How to Make Sodium Silicate From Sodium Hydroxide

••• améthyste image by chantal cecchetti from

Sodium silicate, also known as "water glass" or "liquid glass," is a compound used in many facets in industry, including automobile manufacturing, ceramics and even pigmenation of paints and cloths. Thanks to its very adhesive properties, it is often used to mend cracks or bind objects together strongly. This transparent, water-soluable compound can be created from products that can be found in the home (silica gel beads and bleach) or in a chemistry lab (using sodium hydroxide).

    Warm 10 ml of water in a test tube over a bunsen burner.

    Add 8 grams of sodium hydroxide to the test tube. Cap and shake until fully dissolved.

    Crush the silica gel beads to form 6 grams of fine silica powder. Silica gel beads can be found in the little packets that come in newly bought shoes. They are in little paper packets that read "Silica gel: Do not eat."

    Add the silica powder to the test tube. Warm over the Bunsen burner, and shake until dissolved. If the powder is not fully dissolved after ten minutes, add a little more water to the test tube and shake until fully dissolved.

    Things You'll Need

    • Silica gel beads
    • Water
    • Sodium hydroxide
    • Bunsen Burner
    • Test Tube
    • Test Tube Cap
    • Gloves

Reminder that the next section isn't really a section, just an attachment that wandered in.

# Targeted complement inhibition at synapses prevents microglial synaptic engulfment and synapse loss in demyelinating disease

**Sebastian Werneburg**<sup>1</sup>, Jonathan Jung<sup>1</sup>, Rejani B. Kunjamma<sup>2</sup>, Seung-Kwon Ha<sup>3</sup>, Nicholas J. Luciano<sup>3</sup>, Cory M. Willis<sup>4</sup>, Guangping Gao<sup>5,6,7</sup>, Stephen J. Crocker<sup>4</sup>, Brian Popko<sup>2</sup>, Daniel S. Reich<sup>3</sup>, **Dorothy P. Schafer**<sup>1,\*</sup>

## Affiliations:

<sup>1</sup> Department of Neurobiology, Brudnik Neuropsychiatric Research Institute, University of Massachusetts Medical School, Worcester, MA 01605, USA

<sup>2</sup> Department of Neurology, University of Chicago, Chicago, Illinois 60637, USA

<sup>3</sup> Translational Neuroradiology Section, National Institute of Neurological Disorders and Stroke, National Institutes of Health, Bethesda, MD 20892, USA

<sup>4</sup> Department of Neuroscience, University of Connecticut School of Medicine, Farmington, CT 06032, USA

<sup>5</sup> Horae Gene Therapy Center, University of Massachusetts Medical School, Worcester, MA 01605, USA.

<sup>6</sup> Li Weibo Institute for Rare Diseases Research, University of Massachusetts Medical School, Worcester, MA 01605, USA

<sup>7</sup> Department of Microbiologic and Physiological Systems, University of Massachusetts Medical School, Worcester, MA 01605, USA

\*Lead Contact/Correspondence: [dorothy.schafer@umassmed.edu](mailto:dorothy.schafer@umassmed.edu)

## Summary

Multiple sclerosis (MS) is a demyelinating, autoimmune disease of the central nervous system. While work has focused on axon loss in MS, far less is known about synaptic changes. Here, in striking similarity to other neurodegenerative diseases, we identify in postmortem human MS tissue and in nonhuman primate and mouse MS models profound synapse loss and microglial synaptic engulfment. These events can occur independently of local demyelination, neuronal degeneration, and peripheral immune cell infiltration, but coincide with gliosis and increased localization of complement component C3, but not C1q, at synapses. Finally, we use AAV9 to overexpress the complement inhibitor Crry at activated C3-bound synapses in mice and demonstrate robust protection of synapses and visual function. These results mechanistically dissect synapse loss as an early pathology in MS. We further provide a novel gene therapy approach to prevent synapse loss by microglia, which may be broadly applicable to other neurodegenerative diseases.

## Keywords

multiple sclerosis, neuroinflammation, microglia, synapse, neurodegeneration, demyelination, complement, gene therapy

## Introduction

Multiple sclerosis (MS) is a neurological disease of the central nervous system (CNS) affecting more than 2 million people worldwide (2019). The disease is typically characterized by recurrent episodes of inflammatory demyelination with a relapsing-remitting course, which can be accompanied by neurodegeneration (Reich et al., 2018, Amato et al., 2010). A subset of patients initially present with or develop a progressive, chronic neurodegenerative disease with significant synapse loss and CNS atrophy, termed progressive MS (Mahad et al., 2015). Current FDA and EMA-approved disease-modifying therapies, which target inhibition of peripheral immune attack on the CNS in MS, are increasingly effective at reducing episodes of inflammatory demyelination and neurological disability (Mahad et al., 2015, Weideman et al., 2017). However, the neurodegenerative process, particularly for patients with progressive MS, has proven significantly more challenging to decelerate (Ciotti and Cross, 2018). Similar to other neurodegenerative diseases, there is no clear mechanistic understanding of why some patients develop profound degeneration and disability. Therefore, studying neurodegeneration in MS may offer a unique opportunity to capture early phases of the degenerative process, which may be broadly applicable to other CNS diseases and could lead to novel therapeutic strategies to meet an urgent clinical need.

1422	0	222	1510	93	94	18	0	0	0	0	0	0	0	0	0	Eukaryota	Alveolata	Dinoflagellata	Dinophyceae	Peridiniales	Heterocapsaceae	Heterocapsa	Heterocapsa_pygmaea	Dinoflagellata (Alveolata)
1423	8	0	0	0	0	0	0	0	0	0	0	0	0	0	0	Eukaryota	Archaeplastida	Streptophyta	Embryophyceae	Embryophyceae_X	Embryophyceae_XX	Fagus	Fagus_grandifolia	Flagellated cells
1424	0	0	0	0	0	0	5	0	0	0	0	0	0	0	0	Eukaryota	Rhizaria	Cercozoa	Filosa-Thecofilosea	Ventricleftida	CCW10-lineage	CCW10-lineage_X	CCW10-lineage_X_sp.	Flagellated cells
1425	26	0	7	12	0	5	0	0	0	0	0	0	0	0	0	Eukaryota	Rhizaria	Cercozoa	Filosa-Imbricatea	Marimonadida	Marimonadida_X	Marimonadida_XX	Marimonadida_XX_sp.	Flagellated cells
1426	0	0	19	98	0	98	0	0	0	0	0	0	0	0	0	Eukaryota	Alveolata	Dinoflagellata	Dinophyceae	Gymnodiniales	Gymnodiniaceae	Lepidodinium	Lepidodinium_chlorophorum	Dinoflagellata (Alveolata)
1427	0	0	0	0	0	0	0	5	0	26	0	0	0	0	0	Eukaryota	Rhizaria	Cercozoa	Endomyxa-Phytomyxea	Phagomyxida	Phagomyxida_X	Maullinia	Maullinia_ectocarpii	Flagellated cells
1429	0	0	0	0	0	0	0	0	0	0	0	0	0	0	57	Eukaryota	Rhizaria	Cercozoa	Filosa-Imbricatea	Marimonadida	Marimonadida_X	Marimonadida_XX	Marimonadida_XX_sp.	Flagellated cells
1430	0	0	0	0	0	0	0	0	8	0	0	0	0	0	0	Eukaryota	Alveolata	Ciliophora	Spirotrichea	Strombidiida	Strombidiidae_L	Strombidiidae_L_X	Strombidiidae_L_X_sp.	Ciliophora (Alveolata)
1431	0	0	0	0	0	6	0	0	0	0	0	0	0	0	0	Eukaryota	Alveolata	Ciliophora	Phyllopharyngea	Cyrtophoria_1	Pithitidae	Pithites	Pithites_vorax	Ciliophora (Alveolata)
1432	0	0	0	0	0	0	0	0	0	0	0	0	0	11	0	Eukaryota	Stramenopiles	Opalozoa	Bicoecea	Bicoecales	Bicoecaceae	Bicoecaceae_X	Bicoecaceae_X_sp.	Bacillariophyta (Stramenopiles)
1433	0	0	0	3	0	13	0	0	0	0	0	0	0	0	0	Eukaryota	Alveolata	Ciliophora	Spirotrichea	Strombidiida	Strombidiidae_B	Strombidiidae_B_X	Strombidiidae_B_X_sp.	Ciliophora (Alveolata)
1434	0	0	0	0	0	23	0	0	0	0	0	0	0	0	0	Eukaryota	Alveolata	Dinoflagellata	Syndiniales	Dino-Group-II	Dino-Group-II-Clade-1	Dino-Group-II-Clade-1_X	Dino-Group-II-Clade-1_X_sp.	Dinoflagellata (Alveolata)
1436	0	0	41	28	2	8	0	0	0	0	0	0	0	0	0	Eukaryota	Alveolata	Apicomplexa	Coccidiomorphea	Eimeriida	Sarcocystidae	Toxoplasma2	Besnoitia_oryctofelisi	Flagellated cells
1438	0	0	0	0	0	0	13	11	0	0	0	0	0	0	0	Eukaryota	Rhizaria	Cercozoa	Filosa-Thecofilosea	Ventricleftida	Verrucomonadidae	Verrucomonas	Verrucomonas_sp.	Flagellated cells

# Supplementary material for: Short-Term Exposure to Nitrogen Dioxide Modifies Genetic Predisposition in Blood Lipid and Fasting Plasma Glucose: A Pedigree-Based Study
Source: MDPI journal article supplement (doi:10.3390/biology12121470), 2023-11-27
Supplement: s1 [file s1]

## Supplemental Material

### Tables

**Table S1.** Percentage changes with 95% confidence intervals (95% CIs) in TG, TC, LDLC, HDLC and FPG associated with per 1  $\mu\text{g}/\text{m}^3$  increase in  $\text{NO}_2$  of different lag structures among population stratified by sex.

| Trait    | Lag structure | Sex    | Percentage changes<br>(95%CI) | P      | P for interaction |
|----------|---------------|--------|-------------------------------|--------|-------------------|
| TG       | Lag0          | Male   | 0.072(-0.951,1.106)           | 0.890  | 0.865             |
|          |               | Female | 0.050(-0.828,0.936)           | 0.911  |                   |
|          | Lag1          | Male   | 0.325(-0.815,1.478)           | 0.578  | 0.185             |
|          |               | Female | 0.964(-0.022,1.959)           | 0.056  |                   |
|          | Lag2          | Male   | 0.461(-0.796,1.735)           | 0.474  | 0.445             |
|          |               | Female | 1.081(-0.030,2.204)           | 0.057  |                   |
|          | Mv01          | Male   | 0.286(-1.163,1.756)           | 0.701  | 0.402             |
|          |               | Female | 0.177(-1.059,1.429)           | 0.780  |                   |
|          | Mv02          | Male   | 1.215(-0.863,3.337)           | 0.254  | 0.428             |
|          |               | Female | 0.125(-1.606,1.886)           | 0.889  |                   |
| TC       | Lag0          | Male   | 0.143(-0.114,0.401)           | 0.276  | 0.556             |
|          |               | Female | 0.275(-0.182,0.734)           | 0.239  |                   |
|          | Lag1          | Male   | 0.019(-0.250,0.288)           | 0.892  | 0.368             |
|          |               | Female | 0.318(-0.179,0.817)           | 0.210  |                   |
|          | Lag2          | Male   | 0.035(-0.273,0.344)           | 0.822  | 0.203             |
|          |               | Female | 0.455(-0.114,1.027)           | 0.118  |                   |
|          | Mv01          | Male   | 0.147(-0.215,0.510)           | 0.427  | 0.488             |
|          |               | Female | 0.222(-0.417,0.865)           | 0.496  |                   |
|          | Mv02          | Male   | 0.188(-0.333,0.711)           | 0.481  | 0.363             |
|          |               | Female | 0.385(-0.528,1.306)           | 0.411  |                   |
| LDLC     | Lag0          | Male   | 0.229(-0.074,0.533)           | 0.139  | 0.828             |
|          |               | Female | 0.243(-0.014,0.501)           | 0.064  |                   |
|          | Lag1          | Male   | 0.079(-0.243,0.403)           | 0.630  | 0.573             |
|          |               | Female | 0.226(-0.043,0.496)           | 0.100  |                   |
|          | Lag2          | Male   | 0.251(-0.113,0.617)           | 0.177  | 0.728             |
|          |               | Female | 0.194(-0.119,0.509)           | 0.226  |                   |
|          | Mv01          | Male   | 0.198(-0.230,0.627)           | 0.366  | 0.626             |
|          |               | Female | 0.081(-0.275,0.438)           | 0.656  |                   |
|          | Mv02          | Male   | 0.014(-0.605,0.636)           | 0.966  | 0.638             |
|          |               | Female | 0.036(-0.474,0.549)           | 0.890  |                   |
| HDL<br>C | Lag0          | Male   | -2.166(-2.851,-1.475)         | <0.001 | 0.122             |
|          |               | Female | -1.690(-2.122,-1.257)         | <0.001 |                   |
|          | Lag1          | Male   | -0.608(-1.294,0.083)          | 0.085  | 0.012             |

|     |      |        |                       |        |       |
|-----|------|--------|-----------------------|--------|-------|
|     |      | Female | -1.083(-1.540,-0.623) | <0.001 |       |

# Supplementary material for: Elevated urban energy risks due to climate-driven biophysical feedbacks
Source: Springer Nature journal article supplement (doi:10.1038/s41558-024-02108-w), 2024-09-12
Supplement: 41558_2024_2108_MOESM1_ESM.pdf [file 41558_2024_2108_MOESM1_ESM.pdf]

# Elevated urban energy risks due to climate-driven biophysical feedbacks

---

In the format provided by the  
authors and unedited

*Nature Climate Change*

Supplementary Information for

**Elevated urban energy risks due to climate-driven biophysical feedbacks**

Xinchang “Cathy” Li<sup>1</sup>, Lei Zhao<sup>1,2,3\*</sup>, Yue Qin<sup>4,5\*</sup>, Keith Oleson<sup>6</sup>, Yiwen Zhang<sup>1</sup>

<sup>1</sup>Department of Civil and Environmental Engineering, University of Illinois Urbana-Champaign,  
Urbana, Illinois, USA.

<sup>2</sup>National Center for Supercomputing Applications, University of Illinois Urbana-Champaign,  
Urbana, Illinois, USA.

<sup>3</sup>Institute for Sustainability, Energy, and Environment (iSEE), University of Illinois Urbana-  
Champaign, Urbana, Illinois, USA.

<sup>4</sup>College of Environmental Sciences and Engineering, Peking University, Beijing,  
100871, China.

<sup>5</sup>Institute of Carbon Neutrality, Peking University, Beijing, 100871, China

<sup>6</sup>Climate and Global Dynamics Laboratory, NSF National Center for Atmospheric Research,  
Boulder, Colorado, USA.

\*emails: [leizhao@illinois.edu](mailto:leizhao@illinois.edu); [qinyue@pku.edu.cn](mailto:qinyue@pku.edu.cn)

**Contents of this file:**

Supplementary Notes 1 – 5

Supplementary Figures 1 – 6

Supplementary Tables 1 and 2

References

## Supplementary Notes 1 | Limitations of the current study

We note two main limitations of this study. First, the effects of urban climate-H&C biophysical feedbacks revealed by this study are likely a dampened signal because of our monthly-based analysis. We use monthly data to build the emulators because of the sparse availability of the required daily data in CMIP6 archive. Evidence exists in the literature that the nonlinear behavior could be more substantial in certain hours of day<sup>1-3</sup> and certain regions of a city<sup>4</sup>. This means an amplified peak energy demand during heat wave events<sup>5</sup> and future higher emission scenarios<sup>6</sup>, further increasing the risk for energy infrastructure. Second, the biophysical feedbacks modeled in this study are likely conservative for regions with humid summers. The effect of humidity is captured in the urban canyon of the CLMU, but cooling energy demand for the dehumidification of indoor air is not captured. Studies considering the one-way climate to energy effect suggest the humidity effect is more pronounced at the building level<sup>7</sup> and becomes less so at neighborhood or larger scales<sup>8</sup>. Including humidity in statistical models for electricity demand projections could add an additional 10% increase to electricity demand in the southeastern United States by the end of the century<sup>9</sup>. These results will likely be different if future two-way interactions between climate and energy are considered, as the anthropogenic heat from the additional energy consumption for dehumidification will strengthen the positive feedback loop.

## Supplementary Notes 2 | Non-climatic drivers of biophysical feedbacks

• Safety goggles


    • The mass ratios in this experiment (6 and 8 grams) have been set up to match the stoichiometric ratios of the chemicals. If you wish to make more water glass, simply multiply both these numbers by the same constant.

      Sodium hydroxide is a common ingredient in most basic household liquid cleaners.


    • Always wear safety goggles and gloves when performing scientific experiments. Parental supervision of children is required!

About the Author

Bailey Richert is a 2010 graduate of Rensselaer Polytechnic Institute with a dual bachelor's degree in environmental engineering and hydrogeology, as well as a master's degree in systems engineering. After several years in the environmental consulting industry, she is now attending MIT for graduate school. An accomplished traveler, she has visited 23 countries and published her first book about international travel in 2014.

Photo Credits

  • améthyste image by chantal cecchetti from